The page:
Parents Affect Kids' Heart Disease Risk

Maternal smoking, lack of exercise just two of the factors

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HealthDay Reporter

TUESDAY, Oct. 12, 2004 (HealthDayNews) -- What parents do -- and don't do -- before the birth of a child and through the early years of life has a significant effect on the child's risk of developing heart disease as an adult, two studies find.

One study of Australian women and their children found that a woman's smoking habits during pregnancy, her decision on breast-feeding, and even her weight affected a child's blood pressure, a major risk factor for heart disease.

And a study that hits closer to home found that a startlingly large percentage of American teens have one or more risk factors for heart disease, such as high blood pressure, obesity, and bad cholesterol readings. It's a finding the lead researcher attributes to a lack of parental guidance.

Both studies appear in the Oct. 12 issue of the American Heart Association journal Circulation.

The U.S. study used data on 1,960 children aged 12 to 19 gathered in the third National Health and Nutritional Examination Survey, conducted between 1988 and 1994.

"The most surprising thing is that so many of them had at least one problem," said Dr. Sarah de Ferranti, an assistant in cardiology at Children's Hospital Boston, and lead author of the report. "Nine percent had three or more. These children are at high risk of future problems such as diabetes, heart disease, or stroke."

The most common risk factor was a low level of HDL cholesterol (the "good" type), seen in more than 40 percent of the teens. About 30 percent had elevated levels of triglycerides -- blood fats that can clog arteries -- and more than 30 percent had waist circumferences that met the definition of obesity.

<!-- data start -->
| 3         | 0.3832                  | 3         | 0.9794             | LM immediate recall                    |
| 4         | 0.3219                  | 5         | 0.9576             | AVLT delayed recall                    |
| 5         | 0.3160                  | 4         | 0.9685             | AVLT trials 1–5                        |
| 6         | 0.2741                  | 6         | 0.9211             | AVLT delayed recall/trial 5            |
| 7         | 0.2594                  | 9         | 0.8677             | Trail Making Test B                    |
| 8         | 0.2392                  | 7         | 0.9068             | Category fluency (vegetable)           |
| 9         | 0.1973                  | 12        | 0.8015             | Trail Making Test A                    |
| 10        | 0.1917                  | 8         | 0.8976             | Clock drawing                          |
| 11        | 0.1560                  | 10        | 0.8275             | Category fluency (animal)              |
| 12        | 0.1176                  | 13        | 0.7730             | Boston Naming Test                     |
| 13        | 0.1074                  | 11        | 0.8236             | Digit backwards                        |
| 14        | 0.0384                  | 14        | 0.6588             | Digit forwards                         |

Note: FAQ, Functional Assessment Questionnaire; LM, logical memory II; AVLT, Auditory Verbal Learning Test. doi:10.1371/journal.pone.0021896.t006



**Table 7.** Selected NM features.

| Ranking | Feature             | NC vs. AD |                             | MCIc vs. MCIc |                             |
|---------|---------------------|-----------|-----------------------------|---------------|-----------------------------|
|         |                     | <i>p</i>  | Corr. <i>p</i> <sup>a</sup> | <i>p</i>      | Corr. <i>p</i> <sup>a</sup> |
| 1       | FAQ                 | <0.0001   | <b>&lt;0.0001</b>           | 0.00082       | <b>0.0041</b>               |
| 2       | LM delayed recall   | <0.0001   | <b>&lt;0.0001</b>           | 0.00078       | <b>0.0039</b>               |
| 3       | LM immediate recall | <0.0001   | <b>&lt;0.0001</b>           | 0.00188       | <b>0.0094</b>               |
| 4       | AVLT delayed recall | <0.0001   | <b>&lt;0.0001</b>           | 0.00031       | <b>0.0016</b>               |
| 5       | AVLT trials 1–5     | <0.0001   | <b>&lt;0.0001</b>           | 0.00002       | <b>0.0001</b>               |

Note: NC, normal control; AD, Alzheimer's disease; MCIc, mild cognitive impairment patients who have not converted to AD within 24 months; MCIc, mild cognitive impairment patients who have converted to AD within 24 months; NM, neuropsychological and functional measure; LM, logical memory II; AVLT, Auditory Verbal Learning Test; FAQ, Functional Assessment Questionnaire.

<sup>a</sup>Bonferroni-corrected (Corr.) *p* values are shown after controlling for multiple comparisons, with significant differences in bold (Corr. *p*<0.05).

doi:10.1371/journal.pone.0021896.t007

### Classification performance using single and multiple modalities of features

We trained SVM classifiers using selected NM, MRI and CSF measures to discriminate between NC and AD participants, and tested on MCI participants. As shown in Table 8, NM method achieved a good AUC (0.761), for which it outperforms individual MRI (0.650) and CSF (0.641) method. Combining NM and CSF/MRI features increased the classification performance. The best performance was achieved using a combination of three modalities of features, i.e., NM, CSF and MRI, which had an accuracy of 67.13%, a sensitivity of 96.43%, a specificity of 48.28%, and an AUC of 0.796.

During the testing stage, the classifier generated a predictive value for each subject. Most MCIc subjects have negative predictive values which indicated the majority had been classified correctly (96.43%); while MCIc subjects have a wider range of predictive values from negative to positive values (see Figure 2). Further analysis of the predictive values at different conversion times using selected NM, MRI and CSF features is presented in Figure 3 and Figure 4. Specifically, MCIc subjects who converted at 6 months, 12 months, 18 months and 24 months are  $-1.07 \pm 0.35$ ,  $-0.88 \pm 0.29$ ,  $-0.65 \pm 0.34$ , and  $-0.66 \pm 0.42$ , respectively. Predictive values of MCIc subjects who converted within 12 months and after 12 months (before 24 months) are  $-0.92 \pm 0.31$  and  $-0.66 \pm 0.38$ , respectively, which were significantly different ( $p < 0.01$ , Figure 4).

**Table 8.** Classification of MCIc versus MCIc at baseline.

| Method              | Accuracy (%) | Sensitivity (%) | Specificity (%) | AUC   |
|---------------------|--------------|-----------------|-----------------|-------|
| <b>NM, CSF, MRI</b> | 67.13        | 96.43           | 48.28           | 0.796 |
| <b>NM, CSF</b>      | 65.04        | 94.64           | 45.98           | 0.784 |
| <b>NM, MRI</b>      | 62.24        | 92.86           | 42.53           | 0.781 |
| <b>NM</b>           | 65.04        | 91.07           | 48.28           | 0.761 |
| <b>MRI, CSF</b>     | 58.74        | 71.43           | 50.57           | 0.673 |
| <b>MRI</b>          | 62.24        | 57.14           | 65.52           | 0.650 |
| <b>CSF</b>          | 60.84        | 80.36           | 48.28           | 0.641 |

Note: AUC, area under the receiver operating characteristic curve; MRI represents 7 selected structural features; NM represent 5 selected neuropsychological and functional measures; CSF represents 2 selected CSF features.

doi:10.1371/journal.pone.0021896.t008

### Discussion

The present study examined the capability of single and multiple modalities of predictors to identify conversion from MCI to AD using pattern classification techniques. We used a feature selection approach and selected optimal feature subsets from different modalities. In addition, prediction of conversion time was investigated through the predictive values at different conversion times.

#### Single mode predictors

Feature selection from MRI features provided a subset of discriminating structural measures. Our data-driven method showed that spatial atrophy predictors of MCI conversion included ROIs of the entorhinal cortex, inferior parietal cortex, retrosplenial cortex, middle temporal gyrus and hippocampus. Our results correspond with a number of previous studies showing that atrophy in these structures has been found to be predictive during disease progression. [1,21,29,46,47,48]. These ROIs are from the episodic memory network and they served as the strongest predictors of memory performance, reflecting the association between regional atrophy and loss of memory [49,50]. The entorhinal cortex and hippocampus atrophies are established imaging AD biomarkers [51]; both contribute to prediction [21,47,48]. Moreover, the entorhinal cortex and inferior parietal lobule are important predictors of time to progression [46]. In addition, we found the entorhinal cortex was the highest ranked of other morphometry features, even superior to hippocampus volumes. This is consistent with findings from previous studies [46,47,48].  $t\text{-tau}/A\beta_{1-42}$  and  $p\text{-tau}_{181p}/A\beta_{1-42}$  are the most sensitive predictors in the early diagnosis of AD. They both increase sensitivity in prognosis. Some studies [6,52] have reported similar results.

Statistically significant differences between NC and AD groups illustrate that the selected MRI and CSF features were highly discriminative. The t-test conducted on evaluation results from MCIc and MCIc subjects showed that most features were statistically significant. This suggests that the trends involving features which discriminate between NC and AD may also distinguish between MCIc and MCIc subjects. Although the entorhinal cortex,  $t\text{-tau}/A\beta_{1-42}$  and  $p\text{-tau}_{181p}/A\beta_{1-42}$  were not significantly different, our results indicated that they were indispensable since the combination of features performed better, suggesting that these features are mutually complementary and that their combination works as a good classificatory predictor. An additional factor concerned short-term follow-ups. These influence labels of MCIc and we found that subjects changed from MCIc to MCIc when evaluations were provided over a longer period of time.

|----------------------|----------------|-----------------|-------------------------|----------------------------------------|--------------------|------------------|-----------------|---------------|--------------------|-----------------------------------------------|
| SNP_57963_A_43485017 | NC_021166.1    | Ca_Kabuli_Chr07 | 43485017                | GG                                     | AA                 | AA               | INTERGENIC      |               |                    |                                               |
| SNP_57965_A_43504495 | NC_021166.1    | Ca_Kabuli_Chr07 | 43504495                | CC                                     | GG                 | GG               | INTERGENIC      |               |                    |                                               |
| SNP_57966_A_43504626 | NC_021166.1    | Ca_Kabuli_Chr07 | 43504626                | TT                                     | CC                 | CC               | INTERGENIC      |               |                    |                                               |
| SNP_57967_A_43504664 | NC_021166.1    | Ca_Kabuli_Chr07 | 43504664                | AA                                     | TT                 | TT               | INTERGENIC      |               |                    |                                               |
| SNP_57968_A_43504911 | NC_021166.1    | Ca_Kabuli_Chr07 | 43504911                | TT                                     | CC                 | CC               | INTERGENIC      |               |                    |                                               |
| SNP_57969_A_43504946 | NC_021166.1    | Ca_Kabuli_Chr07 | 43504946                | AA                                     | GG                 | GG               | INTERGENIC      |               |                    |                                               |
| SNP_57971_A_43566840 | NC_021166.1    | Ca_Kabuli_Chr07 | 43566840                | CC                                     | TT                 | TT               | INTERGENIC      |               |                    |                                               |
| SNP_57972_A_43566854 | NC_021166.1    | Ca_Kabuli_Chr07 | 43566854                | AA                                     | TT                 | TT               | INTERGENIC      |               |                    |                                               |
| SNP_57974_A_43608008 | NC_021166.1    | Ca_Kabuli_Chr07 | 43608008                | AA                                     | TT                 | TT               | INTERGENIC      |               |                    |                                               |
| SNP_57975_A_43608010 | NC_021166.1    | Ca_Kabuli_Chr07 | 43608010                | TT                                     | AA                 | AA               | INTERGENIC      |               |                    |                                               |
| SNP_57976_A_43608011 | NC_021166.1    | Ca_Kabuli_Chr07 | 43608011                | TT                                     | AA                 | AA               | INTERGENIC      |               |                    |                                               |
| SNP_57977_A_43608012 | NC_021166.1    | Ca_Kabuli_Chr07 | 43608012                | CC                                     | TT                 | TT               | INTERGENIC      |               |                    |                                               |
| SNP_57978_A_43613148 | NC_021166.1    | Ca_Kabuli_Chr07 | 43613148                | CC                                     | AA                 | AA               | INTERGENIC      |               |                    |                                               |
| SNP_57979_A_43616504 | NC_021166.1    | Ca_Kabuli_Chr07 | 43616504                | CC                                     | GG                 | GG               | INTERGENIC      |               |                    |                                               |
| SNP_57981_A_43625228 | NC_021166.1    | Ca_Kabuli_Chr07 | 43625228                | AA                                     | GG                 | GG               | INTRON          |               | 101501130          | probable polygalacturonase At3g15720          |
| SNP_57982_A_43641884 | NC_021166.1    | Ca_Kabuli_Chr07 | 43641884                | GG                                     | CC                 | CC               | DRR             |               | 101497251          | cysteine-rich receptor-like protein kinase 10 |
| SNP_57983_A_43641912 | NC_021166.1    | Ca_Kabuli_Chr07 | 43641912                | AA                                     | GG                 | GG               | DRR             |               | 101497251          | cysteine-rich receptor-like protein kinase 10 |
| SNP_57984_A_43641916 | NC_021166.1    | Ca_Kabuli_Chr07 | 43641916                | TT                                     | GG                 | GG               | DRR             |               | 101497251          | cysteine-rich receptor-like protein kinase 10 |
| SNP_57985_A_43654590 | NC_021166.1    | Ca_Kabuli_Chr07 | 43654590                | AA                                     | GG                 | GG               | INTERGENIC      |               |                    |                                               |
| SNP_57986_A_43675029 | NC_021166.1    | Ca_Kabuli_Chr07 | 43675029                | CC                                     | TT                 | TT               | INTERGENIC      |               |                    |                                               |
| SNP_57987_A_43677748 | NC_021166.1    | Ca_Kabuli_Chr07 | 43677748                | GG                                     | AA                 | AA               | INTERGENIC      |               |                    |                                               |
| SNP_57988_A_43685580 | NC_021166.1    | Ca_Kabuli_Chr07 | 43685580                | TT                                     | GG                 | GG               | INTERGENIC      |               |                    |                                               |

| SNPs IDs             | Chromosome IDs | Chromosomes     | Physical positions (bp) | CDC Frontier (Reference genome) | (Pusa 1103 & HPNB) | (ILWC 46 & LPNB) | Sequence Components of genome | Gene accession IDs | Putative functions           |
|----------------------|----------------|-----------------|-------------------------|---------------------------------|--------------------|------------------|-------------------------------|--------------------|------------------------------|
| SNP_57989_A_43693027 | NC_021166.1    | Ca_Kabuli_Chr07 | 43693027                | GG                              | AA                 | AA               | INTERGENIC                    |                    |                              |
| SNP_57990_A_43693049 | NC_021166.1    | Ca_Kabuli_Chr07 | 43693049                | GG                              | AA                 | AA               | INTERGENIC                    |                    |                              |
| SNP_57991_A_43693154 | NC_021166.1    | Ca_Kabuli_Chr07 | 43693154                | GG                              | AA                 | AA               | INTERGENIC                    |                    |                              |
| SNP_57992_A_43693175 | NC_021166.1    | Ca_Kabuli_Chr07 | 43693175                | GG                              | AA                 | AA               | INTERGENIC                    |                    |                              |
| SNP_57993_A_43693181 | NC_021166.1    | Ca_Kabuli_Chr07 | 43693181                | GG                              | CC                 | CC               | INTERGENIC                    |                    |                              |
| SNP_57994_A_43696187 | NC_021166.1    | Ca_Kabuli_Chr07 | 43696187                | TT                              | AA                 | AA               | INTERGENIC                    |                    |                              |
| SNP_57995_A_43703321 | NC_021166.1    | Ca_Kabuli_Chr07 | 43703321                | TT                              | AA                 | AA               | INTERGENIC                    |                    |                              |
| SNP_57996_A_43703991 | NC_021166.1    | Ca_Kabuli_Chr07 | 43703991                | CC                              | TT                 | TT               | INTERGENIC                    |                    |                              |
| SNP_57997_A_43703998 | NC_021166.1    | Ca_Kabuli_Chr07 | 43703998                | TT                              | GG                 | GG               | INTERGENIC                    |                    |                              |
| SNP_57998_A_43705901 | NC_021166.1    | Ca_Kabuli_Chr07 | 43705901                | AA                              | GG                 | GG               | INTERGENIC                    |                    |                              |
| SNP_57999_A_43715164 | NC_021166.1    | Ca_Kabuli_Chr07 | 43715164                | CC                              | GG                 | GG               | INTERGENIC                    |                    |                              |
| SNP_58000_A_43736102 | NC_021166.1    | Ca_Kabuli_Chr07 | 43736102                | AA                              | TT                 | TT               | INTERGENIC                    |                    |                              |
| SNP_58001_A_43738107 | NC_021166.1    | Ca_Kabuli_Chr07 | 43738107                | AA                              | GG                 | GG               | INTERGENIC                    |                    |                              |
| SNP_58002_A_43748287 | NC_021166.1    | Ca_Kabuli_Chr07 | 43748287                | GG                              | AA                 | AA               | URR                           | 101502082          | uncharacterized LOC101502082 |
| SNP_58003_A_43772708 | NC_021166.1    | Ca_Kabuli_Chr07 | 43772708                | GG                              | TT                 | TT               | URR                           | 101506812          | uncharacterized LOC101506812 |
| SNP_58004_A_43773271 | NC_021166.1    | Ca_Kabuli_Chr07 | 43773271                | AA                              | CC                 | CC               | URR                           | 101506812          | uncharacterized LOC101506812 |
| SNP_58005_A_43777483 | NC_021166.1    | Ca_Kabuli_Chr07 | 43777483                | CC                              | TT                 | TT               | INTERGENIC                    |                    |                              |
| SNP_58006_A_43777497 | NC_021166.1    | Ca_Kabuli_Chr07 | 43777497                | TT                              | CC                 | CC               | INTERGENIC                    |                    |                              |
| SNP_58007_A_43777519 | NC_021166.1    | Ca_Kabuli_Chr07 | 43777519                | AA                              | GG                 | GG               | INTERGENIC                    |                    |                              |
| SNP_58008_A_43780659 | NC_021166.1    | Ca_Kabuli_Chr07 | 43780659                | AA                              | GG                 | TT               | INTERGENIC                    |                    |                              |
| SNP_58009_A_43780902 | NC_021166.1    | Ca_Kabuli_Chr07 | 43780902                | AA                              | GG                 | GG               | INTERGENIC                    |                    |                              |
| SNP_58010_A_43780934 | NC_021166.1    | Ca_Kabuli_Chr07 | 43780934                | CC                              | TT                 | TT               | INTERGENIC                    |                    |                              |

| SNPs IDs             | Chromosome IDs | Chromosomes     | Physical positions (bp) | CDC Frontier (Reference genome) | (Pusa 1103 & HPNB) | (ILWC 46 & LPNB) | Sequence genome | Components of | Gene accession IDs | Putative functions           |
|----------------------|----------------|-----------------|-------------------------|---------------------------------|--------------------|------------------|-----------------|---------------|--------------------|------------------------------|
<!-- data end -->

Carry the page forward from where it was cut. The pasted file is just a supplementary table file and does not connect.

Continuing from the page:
Overall, 63.4 percent had one or more risk factor. Nearly one in 10 had what cardiologists call "metabolic syndrome" -- three or more major risk factors.

These problems are not predestined, de Ferranti said. "Lifestyle is likely affecting these children," she said. "My goal as a clinician would be to pinpoint these children and work with them in an intensive way to modify their risk factors."

But it's expensive and time-consuming for a doctor to assume that burden, de Ferranti said, so parents must take their share of responsibility.

"The parents should look at the type of foods their children are eating, the things they bring into the house, the activities they are doing," she said. "I try to tell the families that I see in clinical practice to keep television viewing down to no more than two hours a day, to have the children do aerobic activity for at least 30 minutes every day, and preferably 60 minutes."

Diet should be another parental concern, de Ferranti said: "We have a responsibility to our children to help them find healthy eating habits."

Without such basic lifestyle measures, "in 20, 30 or 40 years, we will see a very large problem," she said.

In the other study, researchers matched a number of characteristics of 8,500 Australian women with the blood pressure of their children at age 5.

Some factors were uncontrollable, such as the mother's age. Blood pressure in children was 0.7 millimeters of mercury (mm Hg) higher for every five years of age when a woman gave birth.

But smoking during pregnancy had a greater effect, raising the children's blood pressure by 1 mm Hg. Obesity in either parent was another risk factor.

However, breast-feeding for at least six months was associated with lower blood pressure.

"Since childhood blood pressure tracks into adulthood, interventions aimed at early risk factors, such as quitting smoking during pregnancy, breast-feeding, and prevention of obesity in all family members may be important for reducing the population distribution of blood pressure," said Dr. Debbie A. Lawlor, a consultant senior lecturer in epidemiology at the University of Bristol in England, who led the study.

More information

The American Heart Association offers a guide to a heart-healthy lifestyle.

SOURCES: Sarah de Ferranti, M.D., M.P.H., assistant in cardiology, Children's Hospital Boston; Debbie A. Lawlor, M.D., consultant senior lecturer in epidemiology, University of Bristol, England; Oct. 12, 2004, Circulation

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